[ppml] Policy Proposal: Community Networks IPv6 Allocation

ARIN received the following policy proposal. In accordance with the ARIN
Internet Resource Policy Evaluation Process, the proposal is being
posted to the ARIN Public Policy Mailing List (PPML) and being placed on
ARIN's website.

The ARIN Advisory Council (AC) will review this proposal at their next
regularly scheduled meeting. The AC may decide to:

   1. Accept the proposal as written. If the AC accepts the proposal, it
will be posted as a formal policy proposal to PPML and it will be
presented at a Public Policy Meeting.

   2. Not accept the proposal. If the AC does not accept the proposal,
the AC will explain their decision via the PPML. If a proposal is not
accepted, then the author may elect to use the petition process to
advance their proposal. If the author elects not to petition or the
petition fails, then the proposal will be closed.

The AC shepherds for this proposal are Lea Roberts and Stacy Taylor.

The AC invites everyone to comment on this proposal on the PPML,
particularly their support or non-support and the reasoning behind their
opinion. Such participation contributes to a thorough vetting and
provides important guidance to the AC in their deliberations.

The ARIN Internet Resource Policy Evaluation Process can be found at:

Mailing list subscription information can be found at:


Member Services
American Registry for Internet Numbers (ARIN)

## * ##

Policy Proposal Name: Community Networks IPv6 Allocation

Author: Joshua King

Proposal Version:1.0

Submission Date:February 7th, 2008

Proposal type:new

Policy term:permanent

Policy statement:

Under this policy, ARIN would adopt a new IPv6 address allocation policy
that allows community networking projects to acquire space in a
straightforward and affordable manner. The policy will establish an
allocation template modeled on the experimental allocation template,
with all applicable ARIN fees aimed at affordability (for instance,
totaling not more than $500 USD). The aim is to prevent this policy from
becoming a less-expensive option for for-profit ISPs, and tailor it to
address the concerns of the kinds of organizations that run these
projects. Organizations would have the option of either acquiring blocks
for their own use, or distributing address space to other community
networks that are unable to deal with the administrative and technical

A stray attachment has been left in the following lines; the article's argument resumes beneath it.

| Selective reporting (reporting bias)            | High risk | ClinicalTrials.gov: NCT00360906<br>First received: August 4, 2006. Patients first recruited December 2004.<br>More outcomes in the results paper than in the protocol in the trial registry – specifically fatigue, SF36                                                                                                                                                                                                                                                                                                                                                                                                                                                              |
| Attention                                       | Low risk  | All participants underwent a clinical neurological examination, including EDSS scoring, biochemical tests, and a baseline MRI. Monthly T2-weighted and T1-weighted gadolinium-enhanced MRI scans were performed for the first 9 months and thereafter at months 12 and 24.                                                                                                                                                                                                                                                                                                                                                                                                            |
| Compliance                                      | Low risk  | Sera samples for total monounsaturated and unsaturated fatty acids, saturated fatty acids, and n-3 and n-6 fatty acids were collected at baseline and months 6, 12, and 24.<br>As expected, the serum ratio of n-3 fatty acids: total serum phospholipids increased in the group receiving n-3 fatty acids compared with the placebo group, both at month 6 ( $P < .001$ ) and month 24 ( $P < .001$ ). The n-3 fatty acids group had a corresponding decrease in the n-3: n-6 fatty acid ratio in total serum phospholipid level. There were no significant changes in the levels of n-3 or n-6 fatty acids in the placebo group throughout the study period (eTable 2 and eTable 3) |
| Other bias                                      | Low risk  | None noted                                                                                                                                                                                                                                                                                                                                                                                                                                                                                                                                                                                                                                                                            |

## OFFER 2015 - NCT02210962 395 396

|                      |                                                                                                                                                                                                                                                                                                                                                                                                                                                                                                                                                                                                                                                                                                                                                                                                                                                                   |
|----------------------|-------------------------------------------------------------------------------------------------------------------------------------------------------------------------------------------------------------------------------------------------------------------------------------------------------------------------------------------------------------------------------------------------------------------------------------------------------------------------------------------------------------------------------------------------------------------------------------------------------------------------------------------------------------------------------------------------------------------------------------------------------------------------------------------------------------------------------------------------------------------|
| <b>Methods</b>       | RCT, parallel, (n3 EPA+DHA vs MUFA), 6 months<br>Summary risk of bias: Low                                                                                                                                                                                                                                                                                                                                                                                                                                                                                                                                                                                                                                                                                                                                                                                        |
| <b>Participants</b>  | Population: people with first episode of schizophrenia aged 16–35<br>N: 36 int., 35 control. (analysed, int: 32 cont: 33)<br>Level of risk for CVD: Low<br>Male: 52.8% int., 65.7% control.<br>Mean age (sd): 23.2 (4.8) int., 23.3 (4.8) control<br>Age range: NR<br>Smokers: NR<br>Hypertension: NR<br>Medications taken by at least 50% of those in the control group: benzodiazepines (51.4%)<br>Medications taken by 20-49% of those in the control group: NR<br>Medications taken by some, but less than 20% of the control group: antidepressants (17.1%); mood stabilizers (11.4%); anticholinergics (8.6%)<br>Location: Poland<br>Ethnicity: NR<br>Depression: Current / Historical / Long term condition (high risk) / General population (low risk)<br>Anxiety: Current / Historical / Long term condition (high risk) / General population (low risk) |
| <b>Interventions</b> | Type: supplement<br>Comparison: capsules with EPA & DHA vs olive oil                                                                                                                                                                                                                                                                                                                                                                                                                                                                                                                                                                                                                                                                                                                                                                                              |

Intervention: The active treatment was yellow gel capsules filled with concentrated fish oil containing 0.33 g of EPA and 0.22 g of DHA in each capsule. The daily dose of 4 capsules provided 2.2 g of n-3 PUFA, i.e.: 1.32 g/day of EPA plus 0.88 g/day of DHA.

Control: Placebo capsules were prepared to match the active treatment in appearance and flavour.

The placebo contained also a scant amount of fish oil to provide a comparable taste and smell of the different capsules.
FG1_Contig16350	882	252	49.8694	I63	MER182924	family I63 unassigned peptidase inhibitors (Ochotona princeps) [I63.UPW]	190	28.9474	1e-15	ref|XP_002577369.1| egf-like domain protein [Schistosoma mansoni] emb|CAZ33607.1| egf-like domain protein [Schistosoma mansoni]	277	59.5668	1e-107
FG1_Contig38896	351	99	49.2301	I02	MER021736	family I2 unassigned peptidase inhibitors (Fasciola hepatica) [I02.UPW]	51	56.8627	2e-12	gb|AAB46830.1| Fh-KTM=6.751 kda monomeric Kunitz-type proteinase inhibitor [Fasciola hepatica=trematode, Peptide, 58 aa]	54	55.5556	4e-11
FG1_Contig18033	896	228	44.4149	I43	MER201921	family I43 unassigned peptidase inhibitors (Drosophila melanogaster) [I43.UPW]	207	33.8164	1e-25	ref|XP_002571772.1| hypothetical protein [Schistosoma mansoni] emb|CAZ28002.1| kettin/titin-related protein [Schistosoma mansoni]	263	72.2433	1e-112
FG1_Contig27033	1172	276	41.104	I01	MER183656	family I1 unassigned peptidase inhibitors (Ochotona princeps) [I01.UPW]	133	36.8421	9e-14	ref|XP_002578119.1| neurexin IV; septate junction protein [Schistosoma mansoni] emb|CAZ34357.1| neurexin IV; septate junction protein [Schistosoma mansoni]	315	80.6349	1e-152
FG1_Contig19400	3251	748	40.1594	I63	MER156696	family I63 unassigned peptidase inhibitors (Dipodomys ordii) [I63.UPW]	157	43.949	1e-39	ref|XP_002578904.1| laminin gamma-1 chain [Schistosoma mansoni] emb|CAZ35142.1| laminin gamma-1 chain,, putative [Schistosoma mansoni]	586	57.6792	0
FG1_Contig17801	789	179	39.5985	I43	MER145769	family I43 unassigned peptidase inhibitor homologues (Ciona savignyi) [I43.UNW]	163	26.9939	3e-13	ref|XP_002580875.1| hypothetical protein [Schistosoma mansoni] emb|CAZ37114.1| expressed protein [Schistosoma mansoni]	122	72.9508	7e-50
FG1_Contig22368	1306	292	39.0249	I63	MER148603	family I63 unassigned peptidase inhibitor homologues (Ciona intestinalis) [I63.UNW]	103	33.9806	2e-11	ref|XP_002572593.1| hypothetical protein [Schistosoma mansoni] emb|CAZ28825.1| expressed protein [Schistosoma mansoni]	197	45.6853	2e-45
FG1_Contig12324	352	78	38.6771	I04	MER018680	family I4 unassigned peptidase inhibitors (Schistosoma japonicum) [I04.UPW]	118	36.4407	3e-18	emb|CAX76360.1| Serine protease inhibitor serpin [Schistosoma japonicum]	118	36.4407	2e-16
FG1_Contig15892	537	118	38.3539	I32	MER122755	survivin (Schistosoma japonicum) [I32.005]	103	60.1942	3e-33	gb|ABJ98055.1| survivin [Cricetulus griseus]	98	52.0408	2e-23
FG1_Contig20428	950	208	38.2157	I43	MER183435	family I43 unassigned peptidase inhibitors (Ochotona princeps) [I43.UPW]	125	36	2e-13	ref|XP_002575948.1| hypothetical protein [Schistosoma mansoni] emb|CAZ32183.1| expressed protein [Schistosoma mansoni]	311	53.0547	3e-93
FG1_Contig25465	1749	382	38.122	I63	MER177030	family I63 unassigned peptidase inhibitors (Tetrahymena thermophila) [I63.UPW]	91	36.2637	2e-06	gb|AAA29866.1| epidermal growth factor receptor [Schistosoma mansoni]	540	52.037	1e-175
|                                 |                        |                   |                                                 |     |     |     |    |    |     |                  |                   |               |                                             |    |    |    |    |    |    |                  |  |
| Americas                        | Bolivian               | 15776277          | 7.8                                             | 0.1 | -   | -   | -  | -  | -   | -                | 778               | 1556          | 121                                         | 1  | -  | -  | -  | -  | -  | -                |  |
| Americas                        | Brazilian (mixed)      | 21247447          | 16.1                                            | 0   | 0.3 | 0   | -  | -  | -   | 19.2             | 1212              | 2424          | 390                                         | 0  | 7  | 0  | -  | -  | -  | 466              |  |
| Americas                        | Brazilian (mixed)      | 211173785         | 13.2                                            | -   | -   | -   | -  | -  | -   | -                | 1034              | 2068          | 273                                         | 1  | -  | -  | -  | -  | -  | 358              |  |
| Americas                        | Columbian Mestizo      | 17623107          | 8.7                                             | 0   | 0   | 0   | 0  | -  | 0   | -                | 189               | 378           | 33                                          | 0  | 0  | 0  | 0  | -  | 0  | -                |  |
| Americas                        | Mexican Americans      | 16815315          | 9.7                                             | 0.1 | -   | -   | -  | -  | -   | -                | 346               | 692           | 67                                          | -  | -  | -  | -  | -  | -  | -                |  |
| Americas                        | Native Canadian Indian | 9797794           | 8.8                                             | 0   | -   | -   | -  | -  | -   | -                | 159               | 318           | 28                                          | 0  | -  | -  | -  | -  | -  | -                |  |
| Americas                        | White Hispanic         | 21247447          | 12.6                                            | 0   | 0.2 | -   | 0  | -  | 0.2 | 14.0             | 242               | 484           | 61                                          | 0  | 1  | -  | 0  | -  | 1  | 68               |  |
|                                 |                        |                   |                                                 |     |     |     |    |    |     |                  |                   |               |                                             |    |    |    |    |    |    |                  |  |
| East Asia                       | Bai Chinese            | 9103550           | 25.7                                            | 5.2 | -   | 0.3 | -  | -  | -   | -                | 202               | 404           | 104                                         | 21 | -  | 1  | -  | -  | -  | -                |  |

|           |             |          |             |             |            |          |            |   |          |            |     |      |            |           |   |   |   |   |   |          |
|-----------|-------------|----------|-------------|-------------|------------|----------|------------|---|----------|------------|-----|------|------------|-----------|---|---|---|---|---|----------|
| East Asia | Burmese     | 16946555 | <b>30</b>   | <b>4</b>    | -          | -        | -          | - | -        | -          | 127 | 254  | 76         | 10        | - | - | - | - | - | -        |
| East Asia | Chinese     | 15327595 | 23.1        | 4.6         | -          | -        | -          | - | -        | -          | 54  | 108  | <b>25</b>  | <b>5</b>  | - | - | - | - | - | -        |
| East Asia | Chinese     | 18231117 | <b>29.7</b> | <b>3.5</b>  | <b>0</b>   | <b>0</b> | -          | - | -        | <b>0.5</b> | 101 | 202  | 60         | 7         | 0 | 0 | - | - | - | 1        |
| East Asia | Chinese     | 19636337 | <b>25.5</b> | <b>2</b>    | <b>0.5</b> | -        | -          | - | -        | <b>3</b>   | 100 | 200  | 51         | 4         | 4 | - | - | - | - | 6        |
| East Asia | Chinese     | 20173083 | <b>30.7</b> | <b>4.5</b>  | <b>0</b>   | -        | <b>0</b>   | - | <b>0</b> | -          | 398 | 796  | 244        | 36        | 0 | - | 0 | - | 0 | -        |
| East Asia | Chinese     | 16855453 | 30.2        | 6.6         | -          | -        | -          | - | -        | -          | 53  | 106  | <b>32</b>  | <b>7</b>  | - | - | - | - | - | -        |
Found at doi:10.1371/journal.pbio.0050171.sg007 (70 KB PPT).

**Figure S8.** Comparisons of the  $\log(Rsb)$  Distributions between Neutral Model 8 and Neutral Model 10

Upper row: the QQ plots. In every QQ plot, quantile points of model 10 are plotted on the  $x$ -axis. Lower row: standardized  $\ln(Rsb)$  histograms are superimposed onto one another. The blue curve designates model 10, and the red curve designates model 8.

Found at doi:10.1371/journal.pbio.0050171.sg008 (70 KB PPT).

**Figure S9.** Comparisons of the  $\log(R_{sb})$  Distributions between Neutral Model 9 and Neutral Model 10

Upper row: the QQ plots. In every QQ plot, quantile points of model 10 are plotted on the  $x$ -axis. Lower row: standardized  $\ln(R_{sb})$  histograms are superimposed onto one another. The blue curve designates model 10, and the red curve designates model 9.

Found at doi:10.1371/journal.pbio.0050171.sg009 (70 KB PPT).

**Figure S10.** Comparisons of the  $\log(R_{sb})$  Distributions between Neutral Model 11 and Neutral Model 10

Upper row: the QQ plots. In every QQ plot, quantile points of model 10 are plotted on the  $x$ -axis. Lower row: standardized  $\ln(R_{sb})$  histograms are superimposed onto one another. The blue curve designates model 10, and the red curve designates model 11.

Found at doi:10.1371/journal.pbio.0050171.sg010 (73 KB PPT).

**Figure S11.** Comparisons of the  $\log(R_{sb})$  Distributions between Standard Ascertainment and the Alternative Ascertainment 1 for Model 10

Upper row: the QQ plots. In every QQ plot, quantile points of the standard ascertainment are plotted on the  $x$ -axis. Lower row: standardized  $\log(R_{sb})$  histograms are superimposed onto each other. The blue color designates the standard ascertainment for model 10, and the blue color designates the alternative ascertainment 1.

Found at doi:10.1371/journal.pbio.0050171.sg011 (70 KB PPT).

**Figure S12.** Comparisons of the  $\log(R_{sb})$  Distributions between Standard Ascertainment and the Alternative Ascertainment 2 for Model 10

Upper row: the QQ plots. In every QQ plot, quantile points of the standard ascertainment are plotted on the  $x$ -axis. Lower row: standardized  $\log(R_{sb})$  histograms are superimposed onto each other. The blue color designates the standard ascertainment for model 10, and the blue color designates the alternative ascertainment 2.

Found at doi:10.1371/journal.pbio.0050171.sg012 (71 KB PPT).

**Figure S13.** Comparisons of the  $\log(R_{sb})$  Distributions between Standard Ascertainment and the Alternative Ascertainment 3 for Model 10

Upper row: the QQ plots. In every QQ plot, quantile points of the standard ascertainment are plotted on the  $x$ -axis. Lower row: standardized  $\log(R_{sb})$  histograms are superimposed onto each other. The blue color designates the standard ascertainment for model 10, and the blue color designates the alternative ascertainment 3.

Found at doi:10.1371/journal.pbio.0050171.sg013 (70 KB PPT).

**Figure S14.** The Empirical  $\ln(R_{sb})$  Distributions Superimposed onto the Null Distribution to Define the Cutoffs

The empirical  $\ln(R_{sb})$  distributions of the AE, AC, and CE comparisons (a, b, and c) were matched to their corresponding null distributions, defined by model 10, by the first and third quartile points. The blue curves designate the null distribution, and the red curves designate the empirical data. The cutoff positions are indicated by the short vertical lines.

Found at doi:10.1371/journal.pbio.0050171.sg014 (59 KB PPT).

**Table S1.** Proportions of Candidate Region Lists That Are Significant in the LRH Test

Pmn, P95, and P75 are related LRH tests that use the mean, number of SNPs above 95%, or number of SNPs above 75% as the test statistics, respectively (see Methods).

overhead of address management. A community network prefix would need to
be established, providing a subnet of sufficient size to serve such
projects for the foreseeable future. Block sizes of /48 and larger would
be available on the basis of a justification of project goals, with an
eye towards:
           1. Use by non-profit organizations.
           2. Projects aimed at low-income users.
           3. Open-source software development.


There are currently a number of projects globally that aim to develop
community network infrastructure and related technologies. These are
usually coordinated by volunteer-run, grassroots organizations which
lack many of the resources of traditional internet service providers and
other network operators. They have diverse goals, including public
policy, software development, and implementation of community services
and resources. Many of them provide services free of charge, and thus
lack any paying user base. However, in order to create and maintain
community networks that are often composed of hundreds if not thousands
of inexpensive, commodity hosts and devices, a significant amount of
address space will be required. Current-generation workarounds to this
problem, such as NAT, not only make it difficult to develop
next-generation decentralized network technology by segmenting the
community's architecture from the Internet as a whole, but will cease to
be as viable a stopgap as the Internet moves towards IPv6 integration.

Even now, common community networking software solutions such as
CUWiNware ( and Freifunk (
have nascent IPv6 addressing support, but participating organizations
lack the address space for widespread testing or adoption. As such, it
is necessary to implement an procedure as soon as possible for these
segregated networks to acquire address space. These organizations do not
meet the criteria traditionally defined for LIR's, and thus cannot
acquire address allocations through existing templates. By establishing
a procedure by which these organizations can seek to acquire the
resources they require for further development, ARIN can reach out to
this active community and establish a small but definite space for them
in the future of Internet.

Timetable for implementation: Immediate.